Monday, September 29, 2008
The Thinnest of Blue Lines
This morning those of us who were arrested last June 9 in association with the Camp4Unity protest and camp out at City Hall opted to take our case to trial. One condition for accepting the city's offer of community service and dismissal after a year of good behavior was a non-negotiable point of principle that turned out to be a no go for the prosecution.
Several of those arrested have been staying at Nickelsville, and at least one is homeless and has few viable alternatives to camping out. Unless sleeping on public property is exempted as one of the "criminal activities" that would violate the agreement, we said, we would all take our chances with taking the matter to trial.
The City Attorney has charged the Camp4Unity 15 with pedestrian interference and failure to obey the lawful order of a police officer. Defendants face potential penalties of up to a year in jail or a $5,000 fine.
After the City Attorney's office refused to meet our conditions in pre-hearing negotiations this morning, the court appearance was largely an administrative matter. It wasn't exactly exciting. As I waited to be called, I sat next to Scott Morrow, who had been up last night preparing a list of 25 alternate locations for Nickelsville. He snores.
Proceedings for our group were briefly interrupted by a hearing for a man who I'll refer to as The Unfortunate Mr. E. As he was led in by an officer wearing the standard blue rubber gloves — cuffed behind his back and garbed in a red prison jumpsuit — I thought, "Wow, this is misdemeanor court. Who let an actual criminal in here." His spider web elbow tat's, shaved head, and long Charlie Manson beard left me speculating over what horrible crime this man had committed. Father raping? Mother stabbing? I was dying to know.
As it turned out, the Unfortunate Mr. E was arrested in 2005 for driving with a suspended license. The matter was retired with time served, which turned out to be 24 days in jail.
"No wonder," I thought, "the city thinks they need a new jail." Knowing that The Unfortunate Mr. E had served 24 days for this heinous crime didn't make me feel any safer. It did, however, make me feel slightly raped as a taxpayer.
Hanging out in a courtroom is always an education. Watching the Unfortunate Mr. E get cuffed behind his back once again so that, presumably, society would be just a little bit safer pending his final processing and release did little to enhance my opinion of the criminal justice system.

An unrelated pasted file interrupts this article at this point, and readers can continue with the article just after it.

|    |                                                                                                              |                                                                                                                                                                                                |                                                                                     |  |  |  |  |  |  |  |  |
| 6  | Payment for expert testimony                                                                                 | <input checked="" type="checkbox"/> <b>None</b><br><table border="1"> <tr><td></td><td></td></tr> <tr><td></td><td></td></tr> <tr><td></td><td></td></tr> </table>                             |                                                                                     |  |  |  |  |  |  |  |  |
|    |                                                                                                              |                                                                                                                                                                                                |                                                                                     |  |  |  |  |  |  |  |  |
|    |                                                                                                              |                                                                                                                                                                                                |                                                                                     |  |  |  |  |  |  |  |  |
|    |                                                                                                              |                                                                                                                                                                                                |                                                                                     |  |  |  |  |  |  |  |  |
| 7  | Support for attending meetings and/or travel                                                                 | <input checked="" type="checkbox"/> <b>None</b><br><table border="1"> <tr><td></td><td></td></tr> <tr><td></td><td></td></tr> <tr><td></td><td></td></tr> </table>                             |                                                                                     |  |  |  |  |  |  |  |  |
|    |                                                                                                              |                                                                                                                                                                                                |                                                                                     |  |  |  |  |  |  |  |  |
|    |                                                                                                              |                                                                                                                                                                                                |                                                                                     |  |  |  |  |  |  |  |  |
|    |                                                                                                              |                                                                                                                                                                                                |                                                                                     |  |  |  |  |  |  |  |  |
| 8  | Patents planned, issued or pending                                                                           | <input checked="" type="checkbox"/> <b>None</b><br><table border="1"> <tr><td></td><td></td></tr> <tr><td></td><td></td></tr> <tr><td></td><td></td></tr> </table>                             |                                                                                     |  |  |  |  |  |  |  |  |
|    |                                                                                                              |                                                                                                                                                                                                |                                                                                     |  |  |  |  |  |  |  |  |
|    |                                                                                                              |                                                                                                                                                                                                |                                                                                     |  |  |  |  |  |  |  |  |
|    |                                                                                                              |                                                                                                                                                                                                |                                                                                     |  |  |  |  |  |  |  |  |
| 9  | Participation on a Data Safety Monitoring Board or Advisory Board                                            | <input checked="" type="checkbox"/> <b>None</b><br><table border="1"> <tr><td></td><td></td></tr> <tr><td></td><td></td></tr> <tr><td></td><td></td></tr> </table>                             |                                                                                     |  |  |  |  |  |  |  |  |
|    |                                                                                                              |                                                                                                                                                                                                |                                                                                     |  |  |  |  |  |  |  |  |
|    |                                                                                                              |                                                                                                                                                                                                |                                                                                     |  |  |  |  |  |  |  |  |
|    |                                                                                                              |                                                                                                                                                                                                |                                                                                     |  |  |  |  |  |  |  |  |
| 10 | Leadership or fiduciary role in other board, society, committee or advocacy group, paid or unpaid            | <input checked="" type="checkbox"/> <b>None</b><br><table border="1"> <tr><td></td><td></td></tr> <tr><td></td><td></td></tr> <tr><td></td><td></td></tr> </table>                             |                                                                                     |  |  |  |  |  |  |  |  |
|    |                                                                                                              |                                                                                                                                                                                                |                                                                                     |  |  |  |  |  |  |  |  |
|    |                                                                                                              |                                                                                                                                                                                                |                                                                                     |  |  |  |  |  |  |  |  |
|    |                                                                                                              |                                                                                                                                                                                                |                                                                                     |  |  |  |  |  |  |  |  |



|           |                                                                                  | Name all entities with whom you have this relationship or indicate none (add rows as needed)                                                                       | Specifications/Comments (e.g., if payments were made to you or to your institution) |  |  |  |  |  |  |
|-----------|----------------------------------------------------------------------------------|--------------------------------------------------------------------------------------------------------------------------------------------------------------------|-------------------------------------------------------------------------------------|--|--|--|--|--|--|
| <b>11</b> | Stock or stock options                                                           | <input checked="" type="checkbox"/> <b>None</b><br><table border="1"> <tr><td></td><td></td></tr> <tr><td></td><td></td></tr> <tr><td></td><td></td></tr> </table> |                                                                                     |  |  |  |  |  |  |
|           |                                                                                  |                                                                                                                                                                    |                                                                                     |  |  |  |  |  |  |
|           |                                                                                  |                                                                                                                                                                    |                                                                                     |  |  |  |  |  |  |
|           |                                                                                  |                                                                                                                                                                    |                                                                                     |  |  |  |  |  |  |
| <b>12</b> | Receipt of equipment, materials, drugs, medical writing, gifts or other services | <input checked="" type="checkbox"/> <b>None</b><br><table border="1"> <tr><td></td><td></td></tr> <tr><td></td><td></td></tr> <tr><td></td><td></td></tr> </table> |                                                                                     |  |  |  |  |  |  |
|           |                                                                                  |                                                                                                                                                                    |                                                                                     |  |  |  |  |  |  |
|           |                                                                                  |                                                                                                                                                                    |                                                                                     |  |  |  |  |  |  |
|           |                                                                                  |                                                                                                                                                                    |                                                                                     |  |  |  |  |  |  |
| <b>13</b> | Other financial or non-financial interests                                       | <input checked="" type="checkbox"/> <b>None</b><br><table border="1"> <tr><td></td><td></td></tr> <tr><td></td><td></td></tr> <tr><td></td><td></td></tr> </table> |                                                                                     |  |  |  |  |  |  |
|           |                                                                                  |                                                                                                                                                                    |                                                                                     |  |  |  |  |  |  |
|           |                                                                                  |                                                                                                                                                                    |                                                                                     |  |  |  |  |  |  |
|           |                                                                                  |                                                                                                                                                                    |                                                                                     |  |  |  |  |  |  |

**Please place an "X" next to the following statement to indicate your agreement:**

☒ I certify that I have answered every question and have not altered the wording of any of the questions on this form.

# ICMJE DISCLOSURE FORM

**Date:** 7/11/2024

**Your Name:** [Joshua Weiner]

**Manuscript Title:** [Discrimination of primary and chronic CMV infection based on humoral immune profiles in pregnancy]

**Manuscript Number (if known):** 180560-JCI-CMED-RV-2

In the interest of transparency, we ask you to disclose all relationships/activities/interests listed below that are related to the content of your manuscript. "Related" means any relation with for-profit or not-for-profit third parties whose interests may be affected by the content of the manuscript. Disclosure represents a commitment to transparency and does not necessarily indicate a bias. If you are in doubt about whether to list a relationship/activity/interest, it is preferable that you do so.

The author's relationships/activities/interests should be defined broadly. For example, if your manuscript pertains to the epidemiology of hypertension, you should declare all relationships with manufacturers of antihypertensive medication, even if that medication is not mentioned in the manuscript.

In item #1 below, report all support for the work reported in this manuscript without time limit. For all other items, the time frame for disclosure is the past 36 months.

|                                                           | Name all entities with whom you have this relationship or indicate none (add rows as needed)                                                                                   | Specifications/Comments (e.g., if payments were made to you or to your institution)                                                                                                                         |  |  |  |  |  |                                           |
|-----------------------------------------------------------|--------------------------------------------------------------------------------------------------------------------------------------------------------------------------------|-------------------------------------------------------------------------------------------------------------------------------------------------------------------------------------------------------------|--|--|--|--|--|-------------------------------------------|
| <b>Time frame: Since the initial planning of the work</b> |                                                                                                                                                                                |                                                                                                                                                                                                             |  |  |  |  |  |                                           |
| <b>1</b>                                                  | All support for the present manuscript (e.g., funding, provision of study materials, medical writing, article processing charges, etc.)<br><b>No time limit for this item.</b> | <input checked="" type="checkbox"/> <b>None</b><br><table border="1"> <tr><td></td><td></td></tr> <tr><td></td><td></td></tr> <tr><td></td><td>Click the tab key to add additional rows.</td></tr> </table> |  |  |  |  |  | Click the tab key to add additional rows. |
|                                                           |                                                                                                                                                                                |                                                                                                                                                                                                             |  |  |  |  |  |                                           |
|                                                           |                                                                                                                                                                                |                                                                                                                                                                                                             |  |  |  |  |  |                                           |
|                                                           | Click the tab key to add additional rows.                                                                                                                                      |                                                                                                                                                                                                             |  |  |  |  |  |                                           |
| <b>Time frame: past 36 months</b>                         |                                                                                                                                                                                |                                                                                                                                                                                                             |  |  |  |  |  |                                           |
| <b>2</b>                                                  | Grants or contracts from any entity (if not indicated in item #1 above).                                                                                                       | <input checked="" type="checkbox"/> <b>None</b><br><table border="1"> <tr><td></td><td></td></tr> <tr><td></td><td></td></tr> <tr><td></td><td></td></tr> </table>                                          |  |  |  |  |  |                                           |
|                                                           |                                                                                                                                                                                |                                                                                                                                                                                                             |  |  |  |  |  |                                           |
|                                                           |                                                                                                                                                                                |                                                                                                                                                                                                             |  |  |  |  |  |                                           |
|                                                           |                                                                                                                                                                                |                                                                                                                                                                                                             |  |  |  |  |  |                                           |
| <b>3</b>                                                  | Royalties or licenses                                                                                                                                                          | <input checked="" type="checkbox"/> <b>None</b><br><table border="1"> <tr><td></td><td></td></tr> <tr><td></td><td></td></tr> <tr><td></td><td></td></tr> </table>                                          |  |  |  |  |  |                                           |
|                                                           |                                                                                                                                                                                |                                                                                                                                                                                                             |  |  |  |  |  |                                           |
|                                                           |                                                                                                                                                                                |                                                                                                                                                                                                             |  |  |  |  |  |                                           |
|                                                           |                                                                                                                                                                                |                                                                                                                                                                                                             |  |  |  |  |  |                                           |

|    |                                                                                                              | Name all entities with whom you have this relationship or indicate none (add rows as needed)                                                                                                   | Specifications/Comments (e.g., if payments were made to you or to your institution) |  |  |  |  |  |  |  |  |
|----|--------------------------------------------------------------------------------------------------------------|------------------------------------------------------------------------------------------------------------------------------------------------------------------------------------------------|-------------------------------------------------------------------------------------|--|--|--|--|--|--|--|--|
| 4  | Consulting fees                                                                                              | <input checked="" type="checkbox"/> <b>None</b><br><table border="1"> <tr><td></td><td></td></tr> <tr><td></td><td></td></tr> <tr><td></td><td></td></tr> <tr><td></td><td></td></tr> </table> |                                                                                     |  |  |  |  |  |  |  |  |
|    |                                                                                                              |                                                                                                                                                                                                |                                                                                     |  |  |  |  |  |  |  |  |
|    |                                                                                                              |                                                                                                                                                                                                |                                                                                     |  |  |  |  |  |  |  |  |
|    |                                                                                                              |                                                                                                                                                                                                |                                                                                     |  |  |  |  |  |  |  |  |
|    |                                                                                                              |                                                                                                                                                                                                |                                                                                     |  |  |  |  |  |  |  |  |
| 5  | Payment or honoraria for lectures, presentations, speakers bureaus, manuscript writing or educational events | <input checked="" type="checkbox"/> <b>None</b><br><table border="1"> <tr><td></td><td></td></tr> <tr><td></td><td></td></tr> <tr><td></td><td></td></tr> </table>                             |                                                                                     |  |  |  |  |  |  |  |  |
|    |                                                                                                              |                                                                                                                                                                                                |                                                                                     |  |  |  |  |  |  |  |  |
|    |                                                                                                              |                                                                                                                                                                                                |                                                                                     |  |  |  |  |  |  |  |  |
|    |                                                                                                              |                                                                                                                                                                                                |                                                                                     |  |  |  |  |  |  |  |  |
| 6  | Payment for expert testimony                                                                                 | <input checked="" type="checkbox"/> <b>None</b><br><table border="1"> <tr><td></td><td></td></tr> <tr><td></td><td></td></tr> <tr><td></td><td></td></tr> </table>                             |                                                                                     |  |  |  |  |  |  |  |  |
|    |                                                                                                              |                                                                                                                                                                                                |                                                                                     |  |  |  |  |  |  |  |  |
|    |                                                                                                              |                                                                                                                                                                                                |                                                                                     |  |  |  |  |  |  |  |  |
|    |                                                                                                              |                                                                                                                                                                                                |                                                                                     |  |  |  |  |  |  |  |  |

Our own trial will be an interesting matter as well. While "entrapment defense" and "Pedestrian Interference" are not words one would normally expect to appear in the same sentence, we're feeling pretty solid on this one.
When I arranged the civil disobedience with Sgt. Lou Eagle of the Seattle Police a few days before the event, I informed him that we would enter the street on 4th Ave in front of City Hall, whereupon we expected SPD to do their bit and arrest us.
"Can you limit your protest to two lanes so we can direct traffic around you," asked Eagle.
"Sure," I said. "We're about making a statement, not gumming up morning traffic."
Pedestrian interference means that we willfully prevented the flow of traffic. Interestingly, while this was once more or less about jaywalking, in recent years it has become the charge the city uses to prosecute no sit/lie ordinance and aggressive panhandling violations.
The morning of our event, our police liaisons were informed that the cops would be more inclined to expedite booking and release us at the precinct rather than take us to jail if we blocked the side street on Cherry instead. We helpfully agreed, and officers lined their bicycles across the intersection as we moved into the street. We were all released at West Precinct 45 minutes later.
So, what do you call it when you do not intend to commit a crime, but the government leads you to do just that?
Which perhaps explains why a Failure to Obey charge was tacked on after the fact. In all communications prior to the arrests, we were told that the charge would be pedestrian interference. When we received our court notifications about six weeks later, the new charge had been added. This is a charge that is seldom, if ever, used against protesters.
We're not the swiftest crew in the world, but it seems like the City Attorney's office might have considered our entrapment defense long before the strategy even dawned upon our lawyers, and tossed in the extra charge to hedge their bets. We'll see how that works for them.